Isolated renal tubule fragments prepared from adult Sprague-Dawley rats were used to study the cellular uptake of hypoxanthine. This uptake was rapid, reaching a steady state after 30 min of incubation. Analysis of the intracellular pool during the initial uptake and at the steady state revealed a concentration gradient of hypoxanthine consistent with active transport, although only one-third of the transported hypoxanthine remained unmetabolized. The remainder of the transported hypoxanthine was converted to inosine and inosinic acid, but detectable conversion to uric acid was not noted. A kinetic analysis of uptake revealed that two systems for cellular entry of hypoxanthine existed with Km1 = 0.005 and Km2 = 0.80 mM. Hypoxanthine uptake at physiologic concentrations was oxygen, sodium, and temperature dependent, but the addition of metabolic fuels and alteration of the medium pH over the range of from 6.1 to 7.4 had no effect. Adenine, guanine, and inosine inhibited the uptake of hypoxanthine via the low-Km system which mediates the majority of uptake at physiologic levels. Xanthine, uric acid, and probenecid inhibited uptake via the high-Km system, but did not affect uptake via the low-Km system. The data indicate that hypoxanthine at physiologic levels is transported into the renal tubule cell via a system different from that for other oxypurines.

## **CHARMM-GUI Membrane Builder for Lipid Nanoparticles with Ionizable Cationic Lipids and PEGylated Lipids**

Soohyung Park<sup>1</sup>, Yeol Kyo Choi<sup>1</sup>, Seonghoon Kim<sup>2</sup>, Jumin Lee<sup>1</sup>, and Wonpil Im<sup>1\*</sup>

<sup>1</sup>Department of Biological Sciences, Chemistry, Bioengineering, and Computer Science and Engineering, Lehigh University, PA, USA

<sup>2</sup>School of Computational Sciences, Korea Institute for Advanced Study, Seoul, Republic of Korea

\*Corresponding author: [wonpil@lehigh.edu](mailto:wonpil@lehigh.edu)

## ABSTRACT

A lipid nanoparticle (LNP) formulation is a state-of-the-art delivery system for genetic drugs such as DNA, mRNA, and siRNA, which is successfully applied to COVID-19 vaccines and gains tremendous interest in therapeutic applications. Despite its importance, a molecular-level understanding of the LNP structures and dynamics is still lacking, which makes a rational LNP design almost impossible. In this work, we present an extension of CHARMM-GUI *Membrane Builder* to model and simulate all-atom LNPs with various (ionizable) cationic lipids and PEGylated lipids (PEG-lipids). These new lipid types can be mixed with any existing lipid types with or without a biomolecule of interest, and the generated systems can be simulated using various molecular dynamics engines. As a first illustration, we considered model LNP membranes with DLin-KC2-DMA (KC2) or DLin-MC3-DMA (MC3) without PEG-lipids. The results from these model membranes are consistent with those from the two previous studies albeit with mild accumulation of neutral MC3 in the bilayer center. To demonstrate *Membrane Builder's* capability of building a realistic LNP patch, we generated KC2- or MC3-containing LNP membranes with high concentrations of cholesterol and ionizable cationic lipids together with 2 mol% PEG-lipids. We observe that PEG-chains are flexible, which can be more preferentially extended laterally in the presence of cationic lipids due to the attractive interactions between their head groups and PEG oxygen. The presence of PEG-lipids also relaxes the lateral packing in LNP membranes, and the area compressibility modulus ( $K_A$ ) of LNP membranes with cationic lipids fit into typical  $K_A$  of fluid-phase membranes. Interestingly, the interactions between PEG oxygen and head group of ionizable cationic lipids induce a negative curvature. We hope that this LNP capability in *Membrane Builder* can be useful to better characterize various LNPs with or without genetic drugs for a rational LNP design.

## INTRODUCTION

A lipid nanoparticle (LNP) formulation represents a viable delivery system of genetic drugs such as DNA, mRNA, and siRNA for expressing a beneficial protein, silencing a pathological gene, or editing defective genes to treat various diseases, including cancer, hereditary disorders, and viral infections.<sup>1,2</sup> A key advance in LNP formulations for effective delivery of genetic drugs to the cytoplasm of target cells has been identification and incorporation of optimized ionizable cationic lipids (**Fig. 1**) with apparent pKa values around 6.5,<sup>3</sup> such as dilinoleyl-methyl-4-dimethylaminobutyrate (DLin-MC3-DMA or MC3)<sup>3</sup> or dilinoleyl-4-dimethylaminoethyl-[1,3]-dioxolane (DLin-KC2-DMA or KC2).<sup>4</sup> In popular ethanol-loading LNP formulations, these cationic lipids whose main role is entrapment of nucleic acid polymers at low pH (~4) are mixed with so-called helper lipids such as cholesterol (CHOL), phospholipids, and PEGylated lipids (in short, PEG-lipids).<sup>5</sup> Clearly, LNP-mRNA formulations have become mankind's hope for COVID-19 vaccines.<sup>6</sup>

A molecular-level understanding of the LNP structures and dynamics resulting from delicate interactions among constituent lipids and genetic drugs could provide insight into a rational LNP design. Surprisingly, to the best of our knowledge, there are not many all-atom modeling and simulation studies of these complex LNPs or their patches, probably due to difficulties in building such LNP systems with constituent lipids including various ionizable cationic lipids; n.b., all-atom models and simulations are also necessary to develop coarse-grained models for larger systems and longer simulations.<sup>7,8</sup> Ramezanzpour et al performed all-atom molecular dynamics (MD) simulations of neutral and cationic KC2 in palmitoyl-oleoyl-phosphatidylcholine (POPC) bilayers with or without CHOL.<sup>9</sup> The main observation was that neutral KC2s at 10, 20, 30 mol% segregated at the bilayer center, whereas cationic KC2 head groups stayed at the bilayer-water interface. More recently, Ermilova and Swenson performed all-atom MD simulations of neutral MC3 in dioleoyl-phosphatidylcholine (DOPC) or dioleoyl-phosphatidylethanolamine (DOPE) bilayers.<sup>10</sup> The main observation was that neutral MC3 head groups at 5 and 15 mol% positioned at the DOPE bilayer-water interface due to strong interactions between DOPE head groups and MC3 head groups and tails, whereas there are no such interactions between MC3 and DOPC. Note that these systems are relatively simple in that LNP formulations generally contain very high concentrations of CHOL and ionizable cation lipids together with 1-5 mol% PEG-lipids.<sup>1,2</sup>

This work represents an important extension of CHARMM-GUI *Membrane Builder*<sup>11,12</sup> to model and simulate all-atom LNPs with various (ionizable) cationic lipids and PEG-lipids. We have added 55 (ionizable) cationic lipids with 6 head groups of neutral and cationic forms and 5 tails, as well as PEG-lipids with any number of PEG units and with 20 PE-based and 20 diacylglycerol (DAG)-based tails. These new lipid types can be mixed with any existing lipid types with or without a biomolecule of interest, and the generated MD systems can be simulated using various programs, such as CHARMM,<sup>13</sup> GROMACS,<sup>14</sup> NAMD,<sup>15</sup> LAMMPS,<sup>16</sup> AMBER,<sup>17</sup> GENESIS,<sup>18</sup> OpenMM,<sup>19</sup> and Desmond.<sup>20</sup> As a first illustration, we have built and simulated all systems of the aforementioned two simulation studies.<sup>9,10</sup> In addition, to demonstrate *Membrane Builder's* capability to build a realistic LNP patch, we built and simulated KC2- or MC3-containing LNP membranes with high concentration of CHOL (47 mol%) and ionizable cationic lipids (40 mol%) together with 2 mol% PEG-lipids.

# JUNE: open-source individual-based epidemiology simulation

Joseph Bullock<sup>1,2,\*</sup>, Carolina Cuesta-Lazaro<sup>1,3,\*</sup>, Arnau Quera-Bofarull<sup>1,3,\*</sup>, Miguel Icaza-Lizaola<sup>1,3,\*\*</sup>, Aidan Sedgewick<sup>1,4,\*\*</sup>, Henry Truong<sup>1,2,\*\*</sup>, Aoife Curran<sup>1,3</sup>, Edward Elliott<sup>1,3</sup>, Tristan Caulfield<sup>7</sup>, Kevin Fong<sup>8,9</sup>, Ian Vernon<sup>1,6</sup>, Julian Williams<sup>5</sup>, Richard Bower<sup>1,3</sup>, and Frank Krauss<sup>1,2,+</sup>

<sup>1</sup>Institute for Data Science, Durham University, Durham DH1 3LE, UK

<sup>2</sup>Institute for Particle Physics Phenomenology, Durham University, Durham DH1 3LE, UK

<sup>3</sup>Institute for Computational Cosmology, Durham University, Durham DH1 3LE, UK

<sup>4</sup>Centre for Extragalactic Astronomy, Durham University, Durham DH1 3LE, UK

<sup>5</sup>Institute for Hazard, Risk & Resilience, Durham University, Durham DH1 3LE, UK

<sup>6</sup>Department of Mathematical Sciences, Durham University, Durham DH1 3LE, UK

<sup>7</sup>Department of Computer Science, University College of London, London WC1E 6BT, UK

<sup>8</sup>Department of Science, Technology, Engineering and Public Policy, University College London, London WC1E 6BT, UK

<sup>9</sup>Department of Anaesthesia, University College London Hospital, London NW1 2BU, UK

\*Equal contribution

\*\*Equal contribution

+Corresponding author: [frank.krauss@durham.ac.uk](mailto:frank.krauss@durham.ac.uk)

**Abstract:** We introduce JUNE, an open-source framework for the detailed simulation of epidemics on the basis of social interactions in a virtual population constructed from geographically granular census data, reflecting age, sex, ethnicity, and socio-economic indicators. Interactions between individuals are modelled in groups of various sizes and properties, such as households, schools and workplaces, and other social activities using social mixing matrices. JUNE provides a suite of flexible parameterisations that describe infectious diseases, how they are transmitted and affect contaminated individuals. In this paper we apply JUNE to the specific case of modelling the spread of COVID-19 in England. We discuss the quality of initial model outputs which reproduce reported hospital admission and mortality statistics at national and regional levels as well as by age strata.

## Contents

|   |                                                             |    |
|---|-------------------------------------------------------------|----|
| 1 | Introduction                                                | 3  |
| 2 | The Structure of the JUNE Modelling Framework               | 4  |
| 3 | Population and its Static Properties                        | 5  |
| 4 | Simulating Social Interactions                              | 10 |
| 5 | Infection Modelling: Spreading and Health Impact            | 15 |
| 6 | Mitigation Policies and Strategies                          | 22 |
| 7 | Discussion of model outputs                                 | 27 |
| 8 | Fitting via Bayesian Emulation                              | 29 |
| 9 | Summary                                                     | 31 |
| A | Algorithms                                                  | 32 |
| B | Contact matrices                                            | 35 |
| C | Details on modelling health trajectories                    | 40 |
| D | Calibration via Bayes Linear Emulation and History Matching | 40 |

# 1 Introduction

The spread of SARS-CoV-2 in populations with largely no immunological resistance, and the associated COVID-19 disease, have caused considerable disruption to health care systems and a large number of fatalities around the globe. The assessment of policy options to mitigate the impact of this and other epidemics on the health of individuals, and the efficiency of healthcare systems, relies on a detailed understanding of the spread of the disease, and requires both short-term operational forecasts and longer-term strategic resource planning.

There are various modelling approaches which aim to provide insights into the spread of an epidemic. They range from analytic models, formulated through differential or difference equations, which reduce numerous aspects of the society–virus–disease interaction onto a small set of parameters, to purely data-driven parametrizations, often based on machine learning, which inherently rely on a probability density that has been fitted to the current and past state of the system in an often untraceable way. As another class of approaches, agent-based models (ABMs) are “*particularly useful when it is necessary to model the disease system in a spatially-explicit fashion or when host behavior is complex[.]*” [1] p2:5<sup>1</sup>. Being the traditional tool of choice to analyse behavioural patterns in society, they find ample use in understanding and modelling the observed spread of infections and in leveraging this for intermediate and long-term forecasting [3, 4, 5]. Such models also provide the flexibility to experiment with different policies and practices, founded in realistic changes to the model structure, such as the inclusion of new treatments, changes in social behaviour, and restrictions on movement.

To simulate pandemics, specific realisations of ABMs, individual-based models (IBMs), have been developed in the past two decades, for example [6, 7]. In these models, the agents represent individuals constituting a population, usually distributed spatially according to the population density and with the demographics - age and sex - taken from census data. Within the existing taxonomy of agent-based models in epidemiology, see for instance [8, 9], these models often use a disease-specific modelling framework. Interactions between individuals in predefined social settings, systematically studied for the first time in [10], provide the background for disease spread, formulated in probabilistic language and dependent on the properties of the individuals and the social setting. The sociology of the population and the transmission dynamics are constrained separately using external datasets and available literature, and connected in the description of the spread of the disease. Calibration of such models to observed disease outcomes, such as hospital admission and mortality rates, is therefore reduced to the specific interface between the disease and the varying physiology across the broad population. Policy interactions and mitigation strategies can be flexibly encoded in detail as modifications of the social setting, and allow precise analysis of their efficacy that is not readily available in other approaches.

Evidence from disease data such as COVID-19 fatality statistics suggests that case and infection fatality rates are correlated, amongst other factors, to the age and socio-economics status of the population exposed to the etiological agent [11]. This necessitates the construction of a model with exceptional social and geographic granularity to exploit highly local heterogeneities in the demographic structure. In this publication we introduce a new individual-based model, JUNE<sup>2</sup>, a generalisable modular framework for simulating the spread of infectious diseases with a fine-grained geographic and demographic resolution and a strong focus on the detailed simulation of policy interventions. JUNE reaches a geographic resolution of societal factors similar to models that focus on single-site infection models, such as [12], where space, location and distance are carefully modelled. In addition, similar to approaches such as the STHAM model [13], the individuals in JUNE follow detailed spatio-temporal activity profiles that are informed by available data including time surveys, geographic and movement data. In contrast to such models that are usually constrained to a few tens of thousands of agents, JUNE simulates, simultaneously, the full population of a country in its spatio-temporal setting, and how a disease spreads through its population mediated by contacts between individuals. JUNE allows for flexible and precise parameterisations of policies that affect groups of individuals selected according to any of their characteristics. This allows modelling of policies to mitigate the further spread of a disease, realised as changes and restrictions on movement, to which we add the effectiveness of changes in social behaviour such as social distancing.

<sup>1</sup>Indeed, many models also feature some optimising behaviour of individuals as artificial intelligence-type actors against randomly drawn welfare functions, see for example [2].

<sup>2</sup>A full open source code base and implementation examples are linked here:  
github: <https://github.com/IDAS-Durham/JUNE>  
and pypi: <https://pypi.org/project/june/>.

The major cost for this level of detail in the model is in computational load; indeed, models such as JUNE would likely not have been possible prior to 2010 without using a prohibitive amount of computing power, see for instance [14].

John W. Foreman, Stanton Segal